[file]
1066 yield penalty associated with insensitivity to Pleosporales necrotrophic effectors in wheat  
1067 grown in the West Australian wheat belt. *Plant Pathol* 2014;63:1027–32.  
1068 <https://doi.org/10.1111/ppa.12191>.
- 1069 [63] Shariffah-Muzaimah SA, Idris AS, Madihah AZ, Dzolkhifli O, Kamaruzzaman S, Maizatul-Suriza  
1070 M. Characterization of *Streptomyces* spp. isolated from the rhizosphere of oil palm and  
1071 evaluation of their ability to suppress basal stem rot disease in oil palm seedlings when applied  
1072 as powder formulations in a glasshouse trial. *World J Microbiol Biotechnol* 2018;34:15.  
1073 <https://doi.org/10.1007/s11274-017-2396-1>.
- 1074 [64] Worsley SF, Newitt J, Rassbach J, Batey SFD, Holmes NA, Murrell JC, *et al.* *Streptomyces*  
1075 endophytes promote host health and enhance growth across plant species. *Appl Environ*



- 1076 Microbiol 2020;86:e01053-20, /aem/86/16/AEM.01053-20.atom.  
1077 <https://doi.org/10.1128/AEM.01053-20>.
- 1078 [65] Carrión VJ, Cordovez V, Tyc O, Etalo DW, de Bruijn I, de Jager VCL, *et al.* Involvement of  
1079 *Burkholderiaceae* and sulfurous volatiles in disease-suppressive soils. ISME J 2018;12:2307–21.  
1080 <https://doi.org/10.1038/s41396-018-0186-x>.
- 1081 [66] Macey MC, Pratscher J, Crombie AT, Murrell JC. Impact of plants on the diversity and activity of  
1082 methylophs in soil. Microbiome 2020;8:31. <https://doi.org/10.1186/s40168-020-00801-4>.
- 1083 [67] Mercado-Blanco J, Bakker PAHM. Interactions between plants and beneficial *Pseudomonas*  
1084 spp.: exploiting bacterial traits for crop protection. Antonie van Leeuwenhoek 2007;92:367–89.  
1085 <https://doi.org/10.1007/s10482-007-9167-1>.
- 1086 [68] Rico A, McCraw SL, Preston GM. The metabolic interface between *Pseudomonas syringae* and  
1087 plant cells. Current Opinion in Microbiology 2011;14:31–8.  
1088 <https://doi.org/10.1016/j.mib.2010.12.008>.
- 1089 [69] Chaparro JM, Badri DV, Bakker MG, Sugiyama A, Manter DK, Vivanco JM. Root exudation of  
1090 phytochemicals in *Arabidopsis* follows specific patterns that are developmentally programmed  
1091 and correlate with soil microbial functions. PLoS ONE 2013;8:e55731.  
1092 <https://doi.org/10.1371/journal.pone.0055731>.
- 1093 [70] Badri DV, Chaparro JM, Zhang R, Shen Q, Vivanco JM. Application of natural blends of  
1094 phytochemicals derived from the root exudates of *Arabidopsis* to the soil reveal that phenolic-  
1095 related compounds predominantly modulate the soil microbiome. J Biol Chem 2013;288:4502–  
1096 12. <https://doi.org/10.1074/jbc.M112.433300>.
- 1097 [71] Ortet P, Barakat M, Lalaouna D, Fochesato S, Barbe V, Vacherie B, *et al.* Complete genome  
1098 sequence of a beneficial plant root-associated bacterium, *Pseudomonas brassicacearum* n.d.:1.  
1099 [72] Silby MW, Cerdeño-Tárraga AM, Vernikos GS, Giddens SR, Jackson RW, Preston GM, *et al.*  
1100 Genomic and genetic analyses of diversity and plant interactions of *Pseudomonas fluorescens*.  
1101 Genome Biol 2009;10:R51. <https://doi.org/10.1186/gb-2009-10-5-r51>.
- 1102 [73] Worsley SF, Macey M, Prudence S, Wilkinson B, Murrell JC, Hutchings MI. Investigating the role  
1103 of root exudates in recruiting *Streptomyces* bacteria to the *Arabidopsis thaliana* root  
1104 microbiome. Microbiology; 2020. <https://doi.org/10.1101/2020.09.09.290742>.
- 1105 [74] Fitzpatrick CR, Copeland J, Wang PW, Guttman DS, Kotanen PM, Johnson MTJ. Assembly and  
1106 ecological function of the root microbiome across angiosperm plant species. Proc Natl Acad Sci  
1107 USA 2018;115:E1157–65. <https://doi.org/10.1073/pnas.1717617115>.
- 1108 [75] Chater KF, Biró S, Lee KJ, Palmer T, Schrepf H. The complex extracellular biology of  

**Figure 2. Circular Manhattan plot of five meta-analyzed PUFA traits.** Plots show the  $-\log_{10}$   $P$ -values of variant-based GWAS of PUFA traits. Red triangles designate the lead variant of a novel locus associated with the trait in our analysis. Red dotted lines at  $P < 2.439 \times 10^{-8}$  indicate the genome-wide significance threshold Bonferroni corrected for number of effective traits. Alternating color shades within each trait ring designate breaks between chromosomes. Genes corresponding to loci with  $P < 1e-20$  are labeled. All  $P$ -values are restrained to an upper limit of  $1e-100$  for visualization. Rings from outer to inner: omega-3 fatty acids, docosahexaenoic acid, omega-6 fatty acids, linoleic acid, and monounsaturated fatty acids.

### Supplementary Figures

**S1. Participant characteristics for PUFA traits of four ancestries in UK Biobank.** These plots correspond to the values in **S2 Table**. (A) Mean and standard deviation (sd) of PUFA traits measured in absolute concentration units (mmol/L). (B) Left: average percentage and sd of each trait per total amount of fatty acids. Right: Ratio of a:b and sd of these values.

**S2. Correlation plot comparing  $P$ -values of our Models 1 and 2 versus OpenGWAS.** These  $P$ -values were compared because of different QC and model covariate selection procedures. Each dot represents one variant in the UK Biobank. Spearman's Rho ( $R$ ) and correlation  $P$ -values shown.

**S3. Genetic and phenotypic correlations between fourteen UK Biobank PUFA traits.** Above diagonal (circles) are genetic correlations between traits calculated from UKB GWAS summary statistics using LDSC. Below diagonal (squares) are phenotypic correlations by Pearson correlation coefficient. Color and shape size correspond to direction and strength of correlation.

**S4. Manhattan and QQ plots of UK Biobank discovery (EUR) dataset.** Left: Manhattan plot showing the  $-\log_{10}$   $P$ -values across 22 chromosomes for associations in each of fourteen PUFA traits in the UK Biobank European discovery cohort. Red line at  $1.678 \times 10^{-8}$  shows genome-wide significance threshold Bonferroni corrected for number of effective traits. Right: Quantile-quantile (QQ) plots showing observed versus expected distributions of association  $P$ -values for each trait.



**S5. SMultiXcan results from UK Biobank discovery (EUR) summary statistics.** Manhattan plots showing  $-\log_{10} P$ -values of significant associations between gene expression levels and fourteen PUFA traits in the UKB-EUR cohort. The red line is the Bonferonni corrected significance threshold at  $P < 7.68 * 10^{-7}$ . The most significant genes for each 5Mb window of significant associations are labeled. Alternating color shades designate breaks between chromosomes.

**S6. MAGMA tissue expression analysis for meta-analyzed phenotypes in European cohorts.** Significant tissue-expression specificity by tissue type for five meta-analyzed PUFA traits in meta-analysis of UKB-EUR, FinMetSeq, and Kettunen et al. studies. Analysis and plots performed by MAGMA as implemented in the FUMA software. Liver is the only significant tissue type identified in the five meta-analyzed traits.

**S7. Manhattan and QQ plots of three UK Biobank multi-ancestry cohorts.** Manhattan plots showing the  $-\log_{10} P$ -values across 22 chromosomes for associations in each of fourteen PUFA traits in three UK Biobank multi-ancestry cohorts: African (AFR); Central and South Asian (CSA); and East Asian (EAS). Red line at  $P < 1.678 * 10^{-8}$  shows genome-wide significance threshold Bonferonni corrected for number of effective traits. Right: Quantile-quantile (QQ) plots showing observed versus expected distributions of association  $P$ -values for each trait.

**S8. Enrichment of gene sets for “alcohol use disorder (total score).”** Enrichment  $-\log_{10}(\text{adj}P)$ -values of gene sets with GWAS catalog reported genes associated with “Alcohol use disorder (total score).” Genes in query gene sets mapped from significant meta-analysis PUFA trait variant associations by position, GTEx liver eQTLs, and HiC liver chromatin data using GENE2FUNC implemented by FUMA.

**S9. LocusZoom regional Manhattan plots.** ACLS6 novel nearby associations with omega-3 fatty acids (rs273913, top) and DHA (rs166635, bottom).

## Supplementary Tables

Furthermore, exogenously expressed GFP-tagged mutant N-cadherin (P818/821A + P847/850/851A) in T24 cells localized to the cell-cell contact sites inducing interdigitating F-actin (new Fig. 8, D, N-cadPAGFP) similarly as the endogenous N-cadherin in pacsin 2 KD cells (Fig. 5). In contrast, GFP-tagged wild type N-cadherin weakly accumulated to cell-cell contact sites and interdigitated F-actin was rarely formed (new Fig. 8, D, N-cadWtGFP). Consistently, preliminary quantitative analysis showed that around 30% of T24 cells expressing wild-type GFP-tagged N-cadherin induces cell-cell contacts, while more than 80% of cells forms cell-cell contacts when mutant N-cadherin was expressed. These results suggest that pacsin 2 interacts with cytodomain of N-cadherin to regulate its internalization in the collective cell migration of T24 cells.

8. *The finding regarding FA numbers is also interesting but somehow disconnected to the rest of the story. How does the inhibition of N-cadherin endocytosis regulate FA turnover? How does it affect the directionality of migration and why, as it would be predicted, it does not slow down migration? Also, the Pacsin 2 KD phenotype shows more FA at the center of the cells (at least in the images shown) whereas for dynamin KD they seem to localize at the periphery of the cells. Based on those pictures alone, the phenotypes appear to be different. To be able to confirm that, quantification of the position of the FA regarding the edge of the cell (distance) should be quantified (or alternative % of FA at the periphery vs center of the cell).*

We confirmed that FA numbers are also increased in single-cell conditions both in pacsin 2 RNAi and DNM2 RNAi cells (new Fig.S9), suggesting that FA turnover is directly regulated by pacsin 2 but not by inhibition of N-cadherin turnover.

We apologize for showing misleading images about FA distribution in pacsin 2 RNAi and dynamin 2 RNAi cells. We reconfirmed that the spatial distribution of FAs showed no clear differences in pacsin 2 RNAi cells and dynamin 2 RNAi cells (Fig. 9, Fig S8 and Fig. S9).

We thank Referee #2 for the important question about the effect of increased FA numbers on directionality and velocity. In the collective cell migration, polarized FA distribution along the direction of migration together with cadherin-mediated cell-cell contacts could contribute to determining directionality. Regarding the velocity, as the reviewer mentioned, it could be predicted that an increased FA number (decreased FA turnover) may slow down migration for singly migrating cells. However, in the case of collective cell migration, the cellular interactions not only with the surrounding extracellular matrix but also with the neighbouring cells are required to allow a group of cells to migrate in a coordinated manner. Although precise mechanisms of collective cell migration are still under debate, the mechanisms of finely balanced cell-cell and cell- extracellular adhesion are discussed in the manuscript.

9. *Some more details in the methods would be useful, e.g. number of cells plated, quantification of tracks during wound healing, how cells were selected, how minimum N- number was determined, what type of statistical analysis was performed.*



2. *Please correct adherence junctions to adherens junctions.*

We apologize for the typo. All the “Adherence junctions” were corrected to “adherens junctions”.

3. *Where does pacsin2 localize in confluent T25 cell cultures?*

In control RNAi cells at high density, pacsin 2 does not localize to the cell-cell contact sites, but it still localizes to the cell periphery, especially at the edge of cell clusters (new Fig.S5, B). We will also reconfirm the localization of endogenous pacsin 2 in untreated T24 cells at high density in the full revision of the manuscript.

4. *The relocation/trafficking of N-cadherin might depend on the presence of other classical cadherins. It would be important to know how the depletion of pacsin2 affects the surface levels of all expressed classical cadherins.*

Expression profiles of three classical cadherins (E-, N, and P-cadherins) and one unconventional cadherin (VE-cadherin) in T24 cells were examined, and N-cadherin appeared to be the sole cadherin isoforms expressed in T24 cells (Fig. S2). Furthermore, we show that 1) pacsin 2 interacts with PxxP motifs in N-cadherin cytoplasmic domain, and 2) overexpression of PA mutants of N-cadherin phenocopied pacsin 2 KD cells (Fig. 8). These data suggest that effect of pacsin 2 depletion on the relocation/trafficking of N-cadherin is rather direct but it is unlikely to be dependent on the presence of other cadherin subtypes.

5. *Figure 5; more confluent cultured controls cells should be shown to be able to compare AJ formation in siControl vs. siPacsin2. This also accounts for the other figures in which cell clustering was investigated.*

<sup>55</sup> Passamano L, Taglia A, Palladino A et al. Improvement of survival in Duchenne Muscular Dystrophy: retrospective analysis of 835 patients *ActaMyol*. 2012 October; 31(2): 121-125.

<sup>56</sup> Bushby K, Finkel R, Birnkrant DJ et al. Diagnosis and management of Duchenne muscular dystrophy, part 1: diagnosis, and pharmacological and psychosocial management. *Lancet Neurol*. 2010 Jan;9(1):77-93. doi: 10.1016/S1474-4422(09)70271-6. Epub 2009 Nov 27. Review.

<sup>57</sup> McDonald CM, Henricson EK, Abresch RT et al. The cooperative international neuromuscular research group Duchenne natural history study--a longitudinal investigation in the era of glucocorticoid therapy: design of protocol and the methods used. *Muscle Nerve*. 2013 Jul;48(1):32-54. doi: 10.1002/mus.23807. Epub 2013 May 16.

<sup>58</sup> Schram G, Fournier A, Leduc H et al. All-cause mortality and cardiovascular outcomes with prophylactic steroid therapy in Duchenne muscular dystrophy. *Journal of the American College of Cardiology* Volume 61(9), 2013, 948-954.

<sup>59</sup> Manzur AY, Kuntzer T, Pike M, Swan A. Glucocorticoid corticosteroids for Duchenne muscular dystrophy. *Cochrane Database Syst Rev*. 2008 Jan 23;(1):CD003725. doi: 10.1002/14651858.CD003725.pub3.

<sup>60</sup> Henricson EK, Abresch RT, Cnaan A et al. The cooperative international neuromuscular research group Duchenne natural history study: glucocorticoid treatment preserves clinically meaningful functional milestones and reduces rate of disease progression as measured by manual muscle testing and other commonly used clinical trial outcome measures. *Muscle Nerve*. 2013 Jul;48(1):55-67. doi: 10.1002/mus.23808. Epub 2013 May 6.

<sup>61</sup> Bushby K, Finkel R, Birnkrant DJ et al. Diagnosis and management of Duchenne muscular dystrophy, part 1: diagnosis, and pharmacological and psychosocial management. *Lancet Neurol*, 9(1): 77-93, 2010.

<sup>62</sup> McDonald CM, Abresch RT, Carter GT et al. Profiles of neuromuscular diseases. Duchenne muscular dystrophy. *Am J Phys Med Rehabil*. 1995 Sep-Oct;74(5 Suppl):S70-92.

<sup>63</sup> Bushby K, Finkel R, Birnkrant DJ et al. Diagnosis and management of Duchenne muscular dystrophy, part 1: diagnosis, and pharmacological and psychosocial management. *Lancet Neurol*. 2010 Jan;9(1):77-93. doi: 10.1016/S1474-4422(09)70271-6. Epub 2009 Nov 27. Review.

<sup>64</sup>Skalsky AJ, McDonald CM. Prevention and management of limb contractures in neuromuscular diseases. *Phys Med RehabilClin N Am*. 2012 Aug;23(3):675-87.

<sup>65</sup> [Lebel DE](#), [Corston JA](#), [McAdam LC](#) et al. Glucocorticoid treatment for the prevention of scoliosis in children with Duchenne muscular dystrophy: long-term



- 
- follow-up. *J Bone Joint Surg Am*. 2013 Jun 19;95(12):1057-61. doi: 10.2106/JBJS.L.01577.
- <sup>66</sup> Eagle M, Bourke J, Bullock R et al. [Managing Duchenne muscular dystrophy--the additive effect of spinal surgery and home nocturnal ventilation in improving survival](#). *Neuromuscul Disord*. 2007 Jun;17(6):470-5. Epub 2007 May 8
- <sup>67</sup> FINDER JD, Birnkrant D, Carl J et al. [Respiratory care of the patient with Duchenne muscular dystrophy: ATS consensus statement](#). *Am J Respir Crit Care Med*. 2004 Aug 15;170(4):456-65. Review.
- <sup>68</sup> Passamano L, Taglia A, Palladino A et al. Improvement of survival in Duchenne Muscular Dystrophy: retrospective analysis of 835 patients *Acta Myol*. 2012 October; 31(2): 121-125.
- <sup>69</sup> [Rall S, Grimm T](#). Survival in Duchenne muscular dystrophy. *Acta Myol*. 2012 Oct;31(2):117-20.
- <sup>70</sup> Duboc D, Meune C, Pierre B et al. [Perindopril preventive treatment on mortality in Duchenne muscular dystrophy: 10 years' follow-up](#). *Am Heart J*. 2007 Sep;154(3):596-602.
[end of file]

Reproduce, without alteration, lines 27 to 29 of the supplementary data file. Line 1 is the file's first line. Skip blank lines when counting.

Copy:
1092 <https://doi.org/10.1371/journal.pone.0055731>.
- 1093 [70] Badri DV, Chaparro JM, Zhang R, Shen Q, Vivanco JM. Application of natural blends of  
1094 phytochemicals derived from the root exudates of *Arabidopsis* to the soil reveal that phenolic-  